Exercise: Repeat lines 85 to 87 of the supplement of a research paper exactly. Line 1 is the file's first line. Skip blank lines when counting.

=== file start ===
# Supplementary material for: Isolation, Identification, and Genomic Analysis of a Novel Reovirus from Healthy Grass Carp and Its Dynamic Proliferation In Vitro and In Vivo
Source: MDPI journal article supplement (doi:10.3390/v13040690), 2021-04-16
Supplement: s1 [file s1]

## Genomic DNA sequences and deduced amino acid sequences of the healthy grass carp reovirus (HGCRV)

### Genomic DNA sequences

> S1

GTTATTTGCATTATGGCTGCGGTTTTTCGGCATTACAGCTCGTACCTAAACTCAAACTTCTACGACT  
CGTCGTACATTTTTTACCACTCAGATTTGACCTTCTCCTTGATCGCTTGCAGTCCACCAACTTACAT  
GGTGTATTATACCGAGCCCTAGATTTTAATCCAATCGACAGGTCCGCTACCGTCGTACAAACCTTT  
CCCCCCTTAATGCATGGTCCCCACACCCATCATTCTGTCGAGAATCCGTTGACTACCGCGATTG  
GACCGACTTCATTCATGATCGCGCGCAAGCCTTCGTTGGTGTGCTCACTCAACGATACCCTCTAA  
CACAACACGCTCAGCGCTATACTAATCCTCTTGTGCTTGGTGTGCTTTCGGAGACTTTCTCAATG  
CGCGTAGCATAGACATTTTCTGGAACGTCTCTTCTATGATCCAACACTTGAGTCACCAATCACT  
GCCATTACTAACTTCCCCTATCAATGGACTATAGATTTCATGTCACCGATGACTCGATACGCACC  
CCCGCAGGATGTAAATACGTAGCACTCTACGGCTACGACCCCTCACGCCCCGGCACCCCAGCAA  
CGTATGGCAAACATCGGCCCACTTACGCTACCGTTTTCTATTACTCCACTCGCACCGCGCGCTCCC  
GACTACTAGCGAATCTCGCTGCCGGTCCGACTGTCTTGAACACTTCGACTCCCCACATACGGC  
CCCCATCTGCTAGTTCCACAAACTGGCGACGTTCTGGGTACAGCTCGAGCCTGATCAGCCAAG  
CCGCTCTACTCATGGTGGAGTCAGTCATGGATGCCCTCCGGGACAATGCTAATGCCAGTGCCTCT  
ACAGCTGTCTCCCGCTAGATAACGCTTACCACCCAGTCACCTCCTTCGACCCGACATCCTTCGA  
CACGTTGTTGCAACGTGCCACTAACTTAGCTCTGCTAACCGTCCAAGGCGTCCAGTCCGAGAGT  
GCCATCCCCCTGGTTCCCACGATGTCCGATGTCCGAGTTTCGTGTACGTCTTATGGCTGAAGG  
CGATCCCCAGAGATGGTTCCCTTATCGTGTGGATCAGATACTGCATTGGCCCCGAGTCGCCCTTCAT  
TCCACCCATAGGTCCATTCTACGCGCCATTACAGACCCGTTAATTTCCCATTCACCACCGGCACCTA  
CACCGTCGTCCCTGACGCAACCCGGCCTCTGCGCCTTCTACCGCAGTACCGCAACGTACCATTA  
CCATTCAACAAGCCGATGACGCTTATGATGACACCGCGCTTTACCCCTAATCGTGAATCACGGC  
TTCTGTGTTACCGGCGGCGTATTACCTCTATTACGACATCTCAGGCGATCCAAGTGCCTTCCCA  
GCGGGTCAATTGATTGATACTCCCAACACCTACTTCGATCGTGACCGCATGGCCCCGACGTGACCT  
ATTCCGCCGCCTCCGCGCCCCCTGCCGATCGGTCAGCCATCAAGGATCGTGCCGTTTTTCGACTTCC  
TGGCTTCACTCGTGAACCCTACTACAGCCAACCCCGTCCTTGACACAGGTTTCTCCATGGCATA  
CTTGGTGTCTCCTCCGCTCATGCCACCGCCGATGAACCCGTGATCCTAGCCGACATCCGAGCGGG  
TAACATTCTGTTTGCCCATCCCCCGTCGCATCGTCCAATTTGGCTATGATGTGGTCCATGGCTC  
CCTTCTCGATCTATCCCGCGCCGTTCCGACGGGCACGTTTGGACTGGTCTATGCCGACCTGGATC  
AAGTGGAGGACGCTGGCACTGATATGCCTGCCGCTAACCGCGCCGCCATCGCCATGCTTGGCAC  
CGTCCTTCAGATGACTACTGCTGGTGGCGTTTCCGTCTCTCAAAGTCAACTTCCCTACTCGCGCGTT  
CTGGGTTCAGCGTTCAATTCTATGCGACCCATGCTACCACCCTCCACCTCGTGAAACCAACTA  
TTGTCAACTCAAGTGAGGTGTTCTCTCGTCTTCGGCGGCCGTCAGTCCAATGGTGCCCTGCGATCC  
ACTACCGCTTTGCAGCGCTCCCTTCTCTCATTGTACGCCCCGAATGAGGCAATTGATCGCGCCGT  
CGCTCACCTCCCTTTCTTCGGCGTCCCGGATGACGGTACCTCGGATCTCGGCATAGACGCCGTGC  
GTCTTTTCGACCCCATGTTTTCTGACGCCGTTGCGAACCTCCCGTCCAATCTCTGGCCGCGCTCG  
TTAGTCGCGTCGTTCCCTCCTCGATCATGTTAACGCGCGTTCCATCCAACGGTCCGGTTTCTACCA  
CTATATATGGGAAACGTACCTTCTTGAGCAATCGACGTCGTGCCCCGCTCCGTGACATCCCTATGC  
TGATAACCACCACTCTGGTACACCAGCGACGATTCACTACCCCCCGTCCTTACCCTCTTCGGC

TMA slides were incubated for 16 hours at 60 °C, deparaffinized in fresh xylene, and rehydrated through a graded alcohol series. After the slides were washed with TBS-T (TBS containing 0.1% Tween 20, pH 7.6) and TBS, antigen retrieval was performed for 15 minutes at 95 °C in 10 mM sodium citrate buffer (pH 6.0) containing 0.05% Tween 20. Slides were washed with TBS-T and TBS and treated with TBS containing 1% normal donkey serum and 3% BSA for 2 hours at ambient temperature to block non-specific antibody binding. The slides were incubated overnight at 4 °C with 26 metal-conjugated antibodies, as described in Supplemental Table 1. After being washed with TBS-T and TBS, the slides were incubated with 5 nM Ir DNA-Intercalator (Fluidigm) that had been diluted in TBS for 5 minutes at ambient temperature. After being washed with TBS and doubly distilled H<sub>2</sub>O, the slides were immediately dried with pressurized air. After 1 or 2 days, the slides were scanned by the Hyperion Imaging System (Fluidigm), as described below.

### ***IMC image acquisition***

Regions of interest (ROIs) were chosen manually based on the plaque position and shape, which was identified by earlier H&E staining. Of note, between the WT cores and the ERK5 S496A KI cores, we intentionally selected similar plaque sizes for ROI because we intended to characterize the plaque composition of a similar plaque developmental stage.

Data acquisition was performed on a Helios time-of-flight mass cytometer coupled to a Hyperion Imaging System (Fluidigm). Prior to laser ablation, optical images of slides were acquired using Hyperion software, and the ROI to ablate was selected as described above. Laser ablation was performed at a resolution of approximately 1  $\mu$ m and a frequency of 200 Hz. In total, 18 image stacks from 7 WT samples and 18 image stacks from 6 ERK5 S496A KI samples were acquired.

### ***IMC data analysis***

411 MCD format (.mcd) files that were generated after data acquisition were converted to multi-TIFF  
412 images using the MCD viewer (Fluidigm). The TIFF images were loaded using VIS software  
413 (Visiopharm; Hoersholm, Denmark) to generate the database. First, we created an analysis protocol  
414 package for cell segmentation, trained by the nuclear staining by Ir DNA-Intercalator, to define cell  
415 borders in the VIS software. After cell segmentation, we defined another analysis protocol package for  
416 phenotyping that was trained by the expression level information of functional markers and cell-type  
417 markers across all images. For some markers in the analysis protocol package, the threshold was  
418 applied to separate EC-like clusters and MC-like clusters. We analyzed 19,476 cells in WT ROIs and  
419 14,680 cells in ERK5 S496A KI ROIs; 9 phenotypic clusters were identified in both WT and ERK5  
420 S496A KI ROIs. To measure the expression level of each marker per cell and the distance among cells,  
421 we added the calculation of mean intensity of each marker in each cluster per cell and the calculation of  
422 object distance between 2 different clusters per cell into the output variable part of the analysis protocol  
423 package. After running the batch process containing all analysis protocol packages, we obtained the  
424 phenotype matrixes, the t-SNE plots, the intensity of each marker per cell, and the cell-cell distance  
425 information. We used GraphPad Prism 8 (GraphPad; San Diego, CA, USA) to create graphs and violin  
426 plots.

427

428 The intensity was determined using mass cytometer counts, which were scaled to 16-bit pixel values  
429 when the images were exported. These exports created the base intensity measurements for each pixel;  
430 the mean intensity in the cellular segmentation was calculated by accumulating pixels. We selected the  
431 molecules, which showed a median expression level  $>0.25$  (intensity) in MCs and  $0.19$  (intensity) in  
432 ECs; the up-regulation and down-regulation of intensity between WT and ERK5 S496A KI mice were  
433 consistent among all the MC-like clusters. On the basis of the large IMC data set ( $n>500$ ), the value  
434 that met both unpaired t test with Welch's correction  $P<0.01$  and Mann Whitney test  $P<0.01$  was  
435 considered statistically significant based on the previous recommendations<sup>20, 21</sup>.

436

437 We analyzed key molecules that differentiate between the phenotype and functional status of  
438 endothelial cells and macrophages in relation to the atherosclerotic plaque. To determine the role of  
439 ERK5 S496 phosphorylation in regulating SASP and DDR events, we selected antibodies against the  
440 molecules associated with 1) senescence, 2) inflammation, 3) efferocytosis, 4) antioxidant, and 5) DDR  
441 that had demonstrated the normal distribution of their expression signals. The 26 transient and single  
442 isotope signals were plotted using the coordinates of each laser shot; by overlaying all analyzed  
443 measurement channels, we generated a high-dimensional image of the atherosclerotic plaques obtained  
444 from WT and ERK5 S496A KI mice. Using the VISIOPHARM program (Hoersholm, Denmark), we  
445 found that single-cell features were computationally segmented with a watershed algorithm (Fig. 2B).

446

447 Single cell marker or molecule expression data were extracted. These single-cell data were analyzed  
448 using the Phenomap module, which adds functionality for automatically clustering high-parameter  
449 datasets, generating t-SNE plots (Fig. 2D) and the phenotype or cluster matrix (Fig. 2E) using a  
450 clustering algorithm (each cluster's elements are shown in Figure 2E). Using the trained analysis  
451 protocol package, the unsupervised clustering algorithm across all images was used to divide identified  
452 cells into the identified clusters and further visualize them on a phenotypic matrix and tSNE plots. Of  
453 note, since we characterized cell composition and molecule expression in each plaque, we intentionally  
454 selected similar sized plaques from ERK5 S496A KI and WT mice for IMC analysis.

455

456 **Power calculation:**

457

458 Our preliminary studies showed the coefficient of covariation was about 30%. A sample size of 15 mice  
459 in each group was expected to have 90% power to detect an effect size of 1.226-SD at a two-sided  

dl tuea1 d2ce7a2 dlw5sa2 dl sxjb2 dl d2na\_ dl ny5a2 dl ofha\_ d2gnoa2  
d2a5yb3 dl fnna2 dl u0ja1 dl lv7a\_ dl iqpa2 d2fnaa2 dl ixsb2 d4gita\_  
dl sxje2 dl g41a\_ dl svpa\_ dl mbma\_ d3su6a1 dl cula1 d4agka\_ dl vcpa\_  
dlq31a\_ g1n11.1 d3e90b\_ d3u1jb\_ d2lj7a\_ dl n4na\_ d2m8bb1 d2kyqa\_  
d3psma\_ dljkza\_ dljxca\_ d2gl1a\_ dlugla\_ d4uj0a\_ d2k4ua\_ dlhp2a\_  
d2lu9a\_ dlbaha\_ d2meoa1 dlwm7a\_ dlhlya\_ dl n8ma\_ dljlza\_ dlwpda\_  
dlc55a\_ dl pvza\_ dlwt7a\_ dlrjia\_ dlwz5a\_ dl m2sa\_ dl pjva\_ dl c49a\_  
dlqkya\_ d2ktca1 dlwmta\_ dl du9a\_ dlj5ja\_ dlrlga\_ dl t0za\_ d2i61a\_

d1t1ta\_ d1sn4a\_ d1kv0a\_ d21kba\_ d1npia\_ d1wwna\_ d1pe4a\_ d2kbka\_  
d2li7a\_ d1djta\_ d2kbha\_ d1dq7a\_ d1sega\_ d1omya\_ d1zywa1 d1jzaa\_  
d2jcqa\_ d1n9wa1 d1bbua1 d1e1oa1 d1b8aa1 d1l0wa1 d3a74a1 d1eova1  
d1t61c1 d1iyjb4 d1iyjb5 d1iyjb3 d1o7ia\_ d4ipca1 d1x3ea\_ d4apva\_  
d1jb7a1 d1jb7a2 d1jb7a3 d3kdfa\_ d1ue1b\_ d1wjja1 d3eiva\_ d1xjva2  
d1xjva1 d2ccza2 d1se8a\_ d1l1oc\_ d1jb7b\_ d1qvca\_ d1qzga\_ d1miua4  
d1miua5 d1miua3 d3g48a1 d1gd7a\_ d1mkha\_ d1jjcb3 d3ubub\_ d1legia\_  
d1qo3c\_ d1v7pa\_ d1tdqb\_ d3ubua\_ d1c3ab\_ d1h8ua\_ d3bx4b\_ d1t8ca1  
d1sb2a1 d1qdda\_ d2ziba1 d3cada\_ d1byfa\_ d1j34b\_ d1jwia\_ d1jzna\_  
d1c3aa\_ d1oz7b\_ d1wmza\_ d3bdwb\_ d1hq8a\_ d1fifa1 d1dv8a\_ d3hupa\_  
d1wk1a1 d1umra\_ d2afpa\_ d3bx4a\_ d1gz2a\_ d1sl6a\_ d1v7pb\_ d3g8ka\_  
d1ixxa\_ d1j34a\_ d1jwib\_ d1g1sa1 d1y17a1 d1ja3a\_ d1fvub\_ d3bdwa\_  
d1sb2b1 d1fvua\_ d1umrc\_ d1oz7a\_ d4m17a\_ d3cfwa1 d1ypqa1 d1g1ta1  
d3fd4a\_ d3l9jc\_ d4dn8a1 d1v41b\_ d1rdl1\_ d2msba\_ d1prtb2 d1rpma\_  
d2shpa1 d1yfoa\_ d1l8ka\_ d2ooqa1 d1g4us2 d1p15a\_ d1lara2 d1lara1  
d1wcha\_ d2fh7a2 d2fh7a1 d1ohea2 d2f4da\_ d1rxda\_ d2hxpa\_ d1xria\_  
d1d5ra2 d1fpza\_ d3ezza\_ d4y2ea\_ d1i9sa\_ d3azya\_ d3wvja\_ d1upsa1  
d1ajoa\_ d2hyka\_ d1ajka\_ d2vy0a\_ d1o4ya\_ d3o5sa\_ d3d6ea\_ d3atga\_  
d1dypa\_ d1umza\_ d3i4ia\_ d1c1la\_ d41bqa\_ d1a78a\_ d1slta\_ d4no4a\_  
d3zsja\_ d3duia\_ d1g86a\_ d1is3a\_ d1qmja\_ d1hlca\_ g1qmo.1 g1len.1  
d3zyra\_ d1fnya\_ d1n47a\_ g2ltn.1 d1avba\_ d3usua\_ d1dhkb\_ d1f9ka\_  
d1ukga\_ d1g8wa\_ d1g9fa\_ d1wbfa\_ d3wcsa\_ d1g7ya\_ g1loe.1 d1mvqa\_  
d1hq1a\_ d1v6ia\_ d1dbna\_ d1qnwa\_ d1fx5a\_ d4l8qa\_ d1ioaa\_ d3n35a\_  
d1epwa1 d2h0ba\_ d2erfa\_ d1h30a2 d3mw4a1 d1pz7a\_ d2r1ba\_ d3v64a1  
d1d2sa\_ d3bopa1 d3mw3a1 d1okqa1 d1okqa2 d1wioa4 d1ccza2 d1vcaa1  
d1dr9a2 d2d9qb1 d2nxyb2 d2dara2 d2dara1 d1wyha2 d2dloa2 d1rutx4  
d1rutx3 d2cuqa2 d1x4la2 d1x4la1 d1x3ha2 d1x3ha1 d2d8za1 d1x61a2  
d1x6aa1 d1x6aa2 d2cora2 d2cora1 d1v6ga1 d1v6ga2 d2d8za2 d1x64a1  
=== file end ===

447 Single cell marker or molecule expression data were extracted. These single-cell data were analyzed  
448 using the Phenomap module, which adds functionality for automatically clustering high-parameter  
449 datasets, generating t-SNE plots (Fig. 2D) and the phenotype or cluster matrix (Fig. 2E) using a  